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Dear Elder Christofferson, On November 5, 2015 I read the Church’s new policy regarding children of gay parents. My initial reaction, which I shared with friends, was, “Wow. They are treating these children the same way they treat the children of polygamists.” You confirmed my assessment yesterday in your interview. But we shouldn’t treat the children of gay parents the same way we treat the children of polygamists and here are the reasons why: We started polygamy. We did not start gay marriage. We had to disavow polygamy. We never embraced gay marriage so we do not have to disavow it. We have canonized polygamy in Doctrine and Covenants section 132. Um, yeah, gay marriage has never been canonized. Most of the Mormon fundamentalist converts come from the mainstream LDS Church. Homosexuals do not recruit from anywhere, let alone our very conservative church. When the minor child of a polygamist family is attending church, and wants to  be baptized, the ward family is usually unaware that the child’s parents are polygamists.  These minor children aren’t coming from the more isolated groups such as the FLDS church where polygamy is openly practiced, but rather these children are coming from families that are clandestinely practicing polygamy. At times the different sister-wives live in different homes and the father will come and visit his different wives at the wives’ homes.  These mothers are sometimes seen as single mothers by their wards.  This way of practicing polygamy is common among the Kingston group.  On occasion, the polygamist families will all live together, but the practice is secret. This will occasionally happen with the Centennial Park and the Apostolic United Brethren groups.1  The polygamist, Anne Wilde, has openly discussed how she clandestinely practiced polygamy while she and her family attended the LDS Church.2   So, with the majority of polygamist children who desire to be baptized, the local ecclesiastical leaders see no problem with it because they have no idea that these children are coming from polygamist families.  This is different though for minor children who...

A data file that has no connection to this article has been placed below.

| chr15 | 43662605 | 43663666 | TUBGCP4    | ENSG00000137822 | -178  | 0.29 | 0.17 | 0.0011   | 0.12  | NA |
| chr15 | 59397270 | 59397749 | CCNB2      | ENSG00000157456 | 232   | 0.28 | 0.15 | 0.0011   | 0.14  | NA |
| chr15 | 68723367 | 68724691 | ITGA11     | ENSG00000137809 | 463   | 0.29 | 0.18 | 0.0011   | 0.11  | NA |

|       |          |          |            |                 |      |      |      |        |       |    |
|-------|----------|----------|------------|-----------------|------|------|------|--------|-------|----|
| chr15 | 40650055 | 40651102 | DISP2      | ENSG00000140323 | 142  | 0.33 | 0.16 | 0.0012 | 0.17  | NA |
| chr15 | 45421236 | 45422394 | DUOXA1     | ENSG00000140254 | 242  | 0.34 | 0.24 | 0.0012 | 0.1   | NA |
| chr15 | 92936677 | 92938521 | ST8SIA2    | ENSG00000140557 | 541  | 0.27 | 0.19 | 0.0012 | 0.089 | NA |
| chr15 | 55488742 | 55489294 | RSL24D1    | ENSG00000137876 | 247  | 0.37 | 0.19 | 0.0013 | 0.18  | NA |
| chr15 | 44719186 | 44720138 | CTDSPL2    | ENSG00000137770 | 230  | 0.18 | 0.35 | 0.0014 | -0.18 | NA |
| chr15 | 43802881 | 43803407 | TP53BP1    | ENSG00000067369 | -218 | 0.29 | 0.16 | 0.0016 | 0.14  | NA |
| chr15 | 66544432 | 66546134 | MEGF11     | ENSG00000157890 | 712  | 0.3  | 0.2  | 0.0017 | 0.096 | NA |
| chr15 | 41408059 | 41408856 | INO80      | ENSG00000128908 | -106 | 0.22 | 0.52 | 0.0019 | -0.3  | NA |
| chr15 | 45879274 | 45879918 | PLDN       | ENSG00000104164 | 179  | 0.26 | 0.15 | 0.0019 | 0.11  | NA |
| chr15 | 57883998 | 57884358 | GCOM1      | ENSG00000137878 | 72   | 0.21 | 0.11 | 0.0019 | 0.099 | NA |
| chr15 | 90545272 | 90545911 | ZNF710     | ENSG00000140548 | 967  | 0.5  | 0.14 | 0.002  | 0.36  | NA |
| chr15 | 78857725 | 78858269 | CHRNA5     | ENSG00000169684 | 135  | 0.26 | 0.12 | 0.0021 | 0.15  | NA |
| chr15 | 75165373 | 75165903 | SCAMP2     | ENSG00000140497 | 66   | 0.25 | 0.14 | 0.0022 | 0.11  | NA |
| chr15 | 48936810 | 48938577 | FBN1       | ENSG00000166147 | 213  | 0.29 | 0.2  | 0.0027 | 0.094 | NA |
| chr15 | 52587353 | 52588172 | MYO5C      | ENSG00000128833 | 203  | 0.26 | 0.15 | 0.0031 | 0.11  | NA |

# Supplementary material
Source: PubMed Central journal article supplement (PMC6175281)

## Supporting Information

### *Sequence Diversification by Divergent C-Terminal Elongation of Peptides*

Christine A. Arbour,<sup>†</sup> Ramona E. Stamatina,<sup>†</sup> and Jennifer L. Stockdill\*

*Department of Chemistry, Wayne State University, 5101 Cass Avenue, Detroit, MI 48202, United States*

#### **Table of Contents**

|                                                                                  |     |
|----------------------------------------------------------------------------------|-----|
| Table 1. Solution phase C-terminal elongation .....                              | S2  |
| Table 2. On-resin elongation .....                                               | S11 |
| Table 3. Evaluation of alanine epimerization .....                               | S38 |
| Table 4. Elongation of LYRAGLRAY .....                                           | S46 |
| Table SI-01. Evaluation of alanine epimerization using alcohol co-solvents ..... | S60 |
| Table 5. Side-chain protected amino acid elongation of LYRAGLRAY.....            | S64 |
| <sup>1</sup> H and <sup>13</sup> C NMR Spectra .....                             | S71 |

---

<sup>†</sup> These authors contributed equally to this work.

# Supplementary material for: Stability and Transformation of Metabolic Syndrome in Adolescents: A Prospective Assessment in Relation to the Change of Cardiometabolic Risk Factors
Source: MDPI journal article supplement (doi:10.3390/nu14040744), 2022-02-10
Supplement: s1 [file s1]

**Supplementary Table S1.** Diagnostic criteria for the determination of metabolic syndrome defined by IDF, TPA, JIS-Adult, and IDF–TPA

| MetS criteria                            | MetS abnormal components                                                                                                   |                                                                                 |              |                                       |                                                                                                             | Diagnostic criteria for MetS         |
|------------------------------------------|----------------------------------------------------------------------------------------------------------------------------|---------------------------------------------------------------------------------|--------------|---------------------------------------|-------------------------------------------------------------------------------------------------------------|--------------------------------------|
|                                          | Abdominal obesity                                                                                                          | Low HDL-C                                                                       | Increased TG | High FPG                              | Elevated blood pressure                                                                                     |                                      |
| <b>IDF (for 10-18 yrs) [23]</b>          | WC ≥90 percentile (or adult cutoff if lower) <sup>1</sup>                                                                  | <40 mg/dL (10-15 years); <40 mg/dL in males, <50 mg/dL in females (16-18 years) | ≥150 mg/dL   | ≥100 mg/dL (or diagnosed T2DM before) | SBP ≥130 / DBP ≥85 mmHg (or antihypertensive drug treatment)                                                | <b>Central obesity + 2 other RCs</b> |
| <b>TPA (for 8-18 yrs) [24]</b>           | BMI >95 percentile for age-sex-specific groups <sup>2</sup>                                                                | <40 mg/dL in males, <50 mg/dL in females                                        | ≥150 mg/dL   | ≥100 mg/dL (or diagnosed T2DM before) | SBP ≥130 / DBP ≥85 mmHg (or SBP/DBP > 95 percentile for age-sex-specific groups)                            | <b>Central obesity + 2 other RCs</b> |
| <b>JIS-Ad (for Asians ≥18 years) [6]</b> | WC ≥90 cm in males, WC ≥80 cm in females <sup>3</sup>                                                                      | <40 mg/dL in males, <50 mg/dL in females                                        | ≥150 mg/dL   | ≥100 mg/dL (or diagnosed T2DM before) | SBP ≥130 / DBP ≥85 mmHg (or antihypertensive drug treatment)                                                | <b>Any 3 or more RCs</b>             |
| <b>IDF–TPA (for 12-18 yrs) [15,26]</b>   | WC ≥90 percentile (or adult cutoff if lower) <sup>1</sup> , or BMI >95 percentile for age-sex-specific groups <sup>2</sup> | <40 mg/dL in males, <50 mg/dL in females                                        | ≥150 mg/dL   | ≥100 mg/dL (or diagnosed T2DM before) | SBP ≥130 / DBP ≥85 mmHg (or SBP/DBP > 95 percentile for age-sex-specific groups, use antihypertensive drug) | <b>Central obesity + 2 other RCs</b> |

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On Friday, October 23, 2015, the Mormon internet world blew up with the release of two new Gospel Topic Essays.  I will be addressing one aspect of the essay entitled, Joseph Smith’s Teachings about Priesthood, Temple, and Women. For a much more thorough and balanced critique, I encourage you to read Rational Faiths’ essay, Response to “Joseph Smith’s Teachings about Priesthood, Temple, and Women, by Fara Snedon. I’d like to focus on the following: Women’s participation in healing blessings gradually declined in the early 20th century as Church leaders taught that it was preferable to follow the New Testament directive to “call for the elders.” (see James 5;14). By 1926, Church President Heber J. Grant affirmed that the First Presidency “do not encourage calling in the sisters to administer to the sick, as the scriptures tell us to call in the Elders, who hold the priesthood of God and have the power and authority to administer to the sick in the name of Jesus Christ.” The current Handbook of Instructions directs that “only Melchizedek Priesthood holders may administer to the sick or afflicted.” With this statement, the reader is left to think there was a clean mark of distinction for when female healings ended. As Fara Sneddon points out, “The essay makes it appear that this decline was natural – more of a progression towards the natural order of things (‘call for the elders’). Again, I find this simplification problematic.” The historical record points to things being a little more complicated.  Footnote 32 of the Church’s essay links to an article titled, “Female Ritual Healing in Mormonism”. On page 84 of the cited article, we read the following1: The enduring power of such folk administration, despite the legacy of formalization, can be seen in a powerful example of unity that occurred in the life of President Spencer W. Kimball who struggled with a significant number of health problems and received frequent administrations from other Church leaders as an apostle and as Church president. In September 1979, after Kimball’s first brain surgery for a...

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Ponderize THIS!!!